Sleep study (Photo)

The study found roughly half of participants only averaged 6.3 hours of sleep per night, Oct. 17, 2018.

A team of Western University researchers recently released the results of the world’s largest sleep study, revealing that too much sleep impairs daily cognitive functions just as much as too little sleep.

The study showed the optimum amount of sleep is seven to eight hours per night, based on feedback from around 40,000 people from 173 different countries. Regardless of age, people who sleep less or more than this amount experience selective cognitive impairment to problem-solving and verbal abilities. Other cognitive functions, such as memory, were not significantly impaired.

“We needed lots of people to participate, people from all over the world … so that we could really get a good picture of how different kinds of people sleep and whether or not that had any effect on their day-to-day brain functioning,” said Conor Wild, Western research associate and lead author of the study.

Most significantly, the results showed roughly half the sample, around 20,000 people, were not getting the right amount of sleep, with an average of 6.3 hours per night.

“Those people who don't get enough sleep on a regular basis could be operating day-to-day with impaired problem-solving, reasoning and communication abilities,” explained Wild. “That's a problem for people who have positions of high responsibility or [who are] in charge of making life-saving decisions.”

Further, Wild explained the results contradicted the common perception that people need less sleep as they get older. People of all ages in the study who did not get seven to eight hours of sleep experienced similar cognitive impairment.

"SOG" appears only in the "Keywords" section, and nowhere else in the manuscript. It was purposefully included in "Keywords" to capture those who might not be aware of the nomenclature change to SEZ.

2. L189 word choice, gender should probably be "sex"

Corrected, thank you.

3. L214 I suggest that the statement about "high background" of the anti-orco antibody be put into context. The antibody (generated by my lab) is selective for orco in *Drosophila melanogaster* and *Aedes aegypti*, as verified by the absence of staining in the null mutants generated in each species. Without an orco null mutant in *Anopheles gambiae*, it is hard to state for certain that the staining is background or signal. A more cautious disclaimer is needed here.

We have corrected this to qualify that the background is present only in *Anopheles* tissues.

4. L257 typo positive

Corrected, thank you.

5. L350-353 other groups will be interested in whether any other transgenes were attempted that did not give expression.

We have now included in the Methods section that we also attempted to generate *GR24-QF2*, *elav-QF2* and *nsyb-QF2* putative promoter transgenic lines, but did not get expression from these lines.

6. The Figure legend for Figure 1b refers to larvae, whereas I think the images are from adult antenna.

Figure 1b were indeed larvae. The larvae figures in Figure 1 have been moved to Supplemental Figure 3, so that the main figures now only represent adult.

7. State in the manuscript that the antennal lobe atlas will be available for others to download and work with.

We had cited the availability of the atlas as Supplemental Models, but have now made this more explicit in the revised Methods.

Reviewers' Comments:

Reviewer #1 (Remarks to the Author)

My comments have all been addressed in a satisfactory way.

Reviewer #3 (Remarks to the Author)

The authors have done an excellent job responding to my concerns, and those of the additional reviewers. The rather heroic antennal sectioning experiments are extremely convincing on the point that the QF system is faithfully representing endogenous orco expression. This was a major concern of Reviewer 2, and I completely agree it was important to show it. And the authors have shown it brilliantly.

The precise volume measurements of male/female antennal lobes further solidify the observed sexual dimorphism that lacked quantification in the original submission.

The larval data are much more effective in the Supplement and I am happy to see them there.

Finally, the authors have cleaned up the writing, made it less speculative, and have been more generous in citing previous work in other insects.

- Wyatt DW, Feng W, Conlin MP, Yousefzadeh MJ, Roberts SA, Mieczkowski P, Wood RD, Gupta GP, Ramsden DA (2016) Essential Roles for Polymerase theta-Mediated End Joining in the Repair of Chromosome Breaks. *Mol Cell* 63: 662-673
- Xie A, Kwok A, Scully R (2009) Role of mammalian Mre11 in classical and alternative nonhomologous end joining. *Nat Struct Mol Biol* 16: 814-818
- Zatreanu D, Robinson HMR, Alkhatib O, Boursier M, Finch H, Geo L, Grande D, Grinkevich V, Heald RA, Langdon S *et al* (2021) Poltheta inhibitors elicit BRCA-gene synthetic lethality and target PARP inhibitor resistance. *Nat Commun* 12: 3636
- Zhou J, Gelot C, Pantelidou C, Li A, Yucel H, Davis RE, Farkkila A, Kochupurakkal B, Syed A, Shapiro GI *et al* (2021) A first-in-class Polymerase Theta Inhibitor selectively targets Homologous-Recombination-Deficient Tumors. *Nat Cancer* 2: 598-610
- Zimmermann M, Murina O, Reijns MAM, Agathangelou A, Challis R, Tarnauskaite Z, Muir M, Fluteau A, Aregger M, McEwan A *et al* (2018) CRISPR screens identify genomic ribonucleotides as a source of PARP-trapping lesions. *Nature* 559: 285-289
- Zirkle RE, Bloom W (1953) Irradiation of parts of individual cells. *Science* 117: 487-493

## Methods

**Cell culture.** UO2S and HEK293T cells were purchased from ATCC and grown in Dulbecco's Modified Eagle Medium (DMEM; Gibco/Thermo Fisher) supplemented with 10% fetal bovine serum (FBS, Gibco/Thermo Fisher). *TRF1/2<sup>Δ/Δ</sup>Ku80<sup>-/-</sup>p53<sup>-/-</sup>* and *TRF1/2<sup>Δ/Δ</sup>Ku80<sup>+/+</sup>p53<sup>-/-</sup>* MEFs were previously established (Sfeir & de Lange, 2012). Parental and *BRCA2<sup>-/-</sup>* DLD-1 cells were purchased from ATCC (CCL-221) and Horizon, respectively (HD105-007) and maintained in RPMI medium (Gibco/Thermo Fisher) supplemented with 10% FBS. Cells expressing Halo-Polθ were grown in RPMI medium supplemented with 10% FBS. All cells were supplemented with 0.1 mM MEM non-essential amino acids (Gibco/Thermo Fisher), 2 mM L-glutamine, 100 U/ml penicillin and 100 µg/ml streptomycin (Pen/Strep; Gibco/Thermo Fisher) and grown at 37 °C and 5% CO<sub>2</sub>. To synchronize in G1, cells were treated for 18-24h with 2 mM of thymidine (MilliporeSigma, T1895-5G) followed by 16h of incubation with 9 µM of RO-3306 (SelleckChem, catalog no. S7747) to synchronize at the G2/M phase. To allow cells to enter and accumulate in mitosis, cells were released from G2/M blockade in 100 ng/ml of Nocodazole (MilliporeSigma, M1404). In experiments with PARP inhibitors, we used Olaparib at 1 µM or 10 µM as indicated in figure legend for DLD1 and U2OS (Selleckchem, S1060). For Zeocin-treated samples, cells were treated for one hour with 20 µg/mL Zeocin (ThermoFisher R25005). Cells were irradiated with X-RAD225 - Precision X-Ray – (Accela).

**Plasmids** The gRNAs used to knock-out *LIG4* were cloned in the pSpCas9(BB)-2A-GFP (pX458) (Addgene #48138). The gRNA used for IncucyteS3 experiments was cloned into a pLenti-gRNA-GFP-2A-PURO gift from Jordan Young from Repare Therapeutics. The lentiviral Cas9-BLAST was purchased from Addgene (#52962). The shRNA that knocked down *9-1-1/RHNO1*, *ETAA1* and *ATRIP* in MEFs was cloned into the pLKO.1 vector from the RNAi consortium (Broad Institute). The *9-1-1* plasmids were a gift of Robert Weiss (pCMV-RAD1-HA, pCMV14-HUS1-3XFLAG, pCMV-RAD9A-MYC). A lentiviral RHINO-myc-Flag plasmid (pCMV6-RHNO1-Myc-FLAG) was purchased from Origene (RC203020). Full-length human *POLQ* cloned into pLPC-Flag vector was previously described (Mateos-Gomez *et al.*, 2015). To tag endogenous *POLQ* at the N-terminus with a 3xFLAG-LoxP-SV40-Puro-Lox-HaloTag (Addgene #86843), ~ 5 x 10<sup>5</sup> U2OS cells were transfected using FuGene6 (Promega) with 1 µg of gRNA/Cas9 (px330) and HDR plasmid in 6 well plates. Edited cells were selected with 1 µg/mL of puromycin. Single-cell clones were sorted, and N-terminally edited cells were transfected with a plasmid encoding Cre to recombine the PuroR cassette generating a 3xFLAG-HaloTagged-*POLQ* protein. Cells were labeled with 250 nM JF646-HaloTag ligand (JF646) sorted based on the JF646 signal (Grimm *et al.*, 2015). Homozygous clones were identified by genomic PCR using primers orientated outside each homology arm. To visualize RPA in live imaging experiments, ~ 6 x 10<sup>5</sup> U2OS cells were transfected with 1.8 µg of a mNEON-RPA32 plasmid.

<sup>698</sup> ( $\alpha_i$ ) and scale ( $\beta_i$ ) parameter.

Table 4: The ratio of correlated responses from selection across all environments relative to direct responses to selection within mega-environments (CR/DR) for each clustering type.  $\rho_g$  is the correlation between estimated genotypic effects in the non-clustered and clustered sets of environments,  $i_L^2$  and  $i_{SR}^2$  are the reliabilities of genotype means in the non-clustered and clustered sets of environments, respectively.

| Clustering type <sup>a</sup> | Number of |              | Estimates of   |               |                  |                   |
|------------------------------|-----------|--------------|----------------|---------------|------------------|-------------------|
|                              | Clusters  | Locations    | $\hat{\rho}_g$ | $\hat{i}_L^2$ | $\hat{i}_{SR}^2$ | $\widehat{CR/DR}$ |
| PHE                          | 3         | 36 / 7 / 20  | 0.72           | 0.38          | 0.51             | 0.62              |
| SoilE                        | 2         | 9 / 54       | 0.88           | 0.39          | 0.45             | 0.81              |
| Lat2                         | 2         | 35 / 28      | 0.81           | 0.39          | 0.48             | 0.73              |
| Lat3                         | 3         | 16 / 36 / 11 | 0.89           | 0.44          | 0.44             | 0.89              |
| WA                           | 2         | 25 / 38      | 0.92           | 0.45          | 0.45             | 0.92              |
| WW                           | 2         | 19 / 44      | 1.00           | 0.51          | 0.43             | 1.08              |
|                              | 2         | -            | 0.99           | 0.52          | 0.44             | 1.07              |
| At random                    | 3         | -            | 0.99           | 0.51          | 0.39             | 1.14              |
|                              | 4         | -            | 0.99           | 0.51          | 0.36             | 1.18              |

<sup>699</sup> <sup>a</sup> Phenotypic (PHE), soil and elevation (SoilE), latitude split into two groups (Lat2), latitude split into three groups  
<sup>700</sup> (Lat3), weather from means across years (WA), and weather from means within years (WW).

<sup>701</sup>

He added that a single night of the right amount of sleep was successful in improving cognitive ability, suggesting a fast bounce-back effect.

Wild clarified these findings do not necessarily apply to every single person.

“One caveat to this kind of study is that we're painting in broad strokes, and it's describing trends in the population,” said Wild. “There's lots of other scientific evidence that suggests that different people can be very resilient, or not, to the effects of too much or too little sleep, so that's not to say if you don't get your seven to eight hours every single night you're going to have an impairment.”

Launched in June of 2017, the online study included a questionnaire and 12 cognitive tests. Wild explained the tests were adapted from classic neuro-psychological tests into games that people can play on their phones, tablets or other personal devices.

Wild explained this digital design facilitated large-scale recruitment as in-lab sleep studies can usually recruit 20 to 100 participants, a number that is too small to detect subtle findings.

Wild and colleagues will use the data set from this study in follow-up research, including factors that explain why certain people are particularly vulnerable or resilient to too much or too little sleep.

The study was published on Sept. 13 in the high-impact journal SLEEP.

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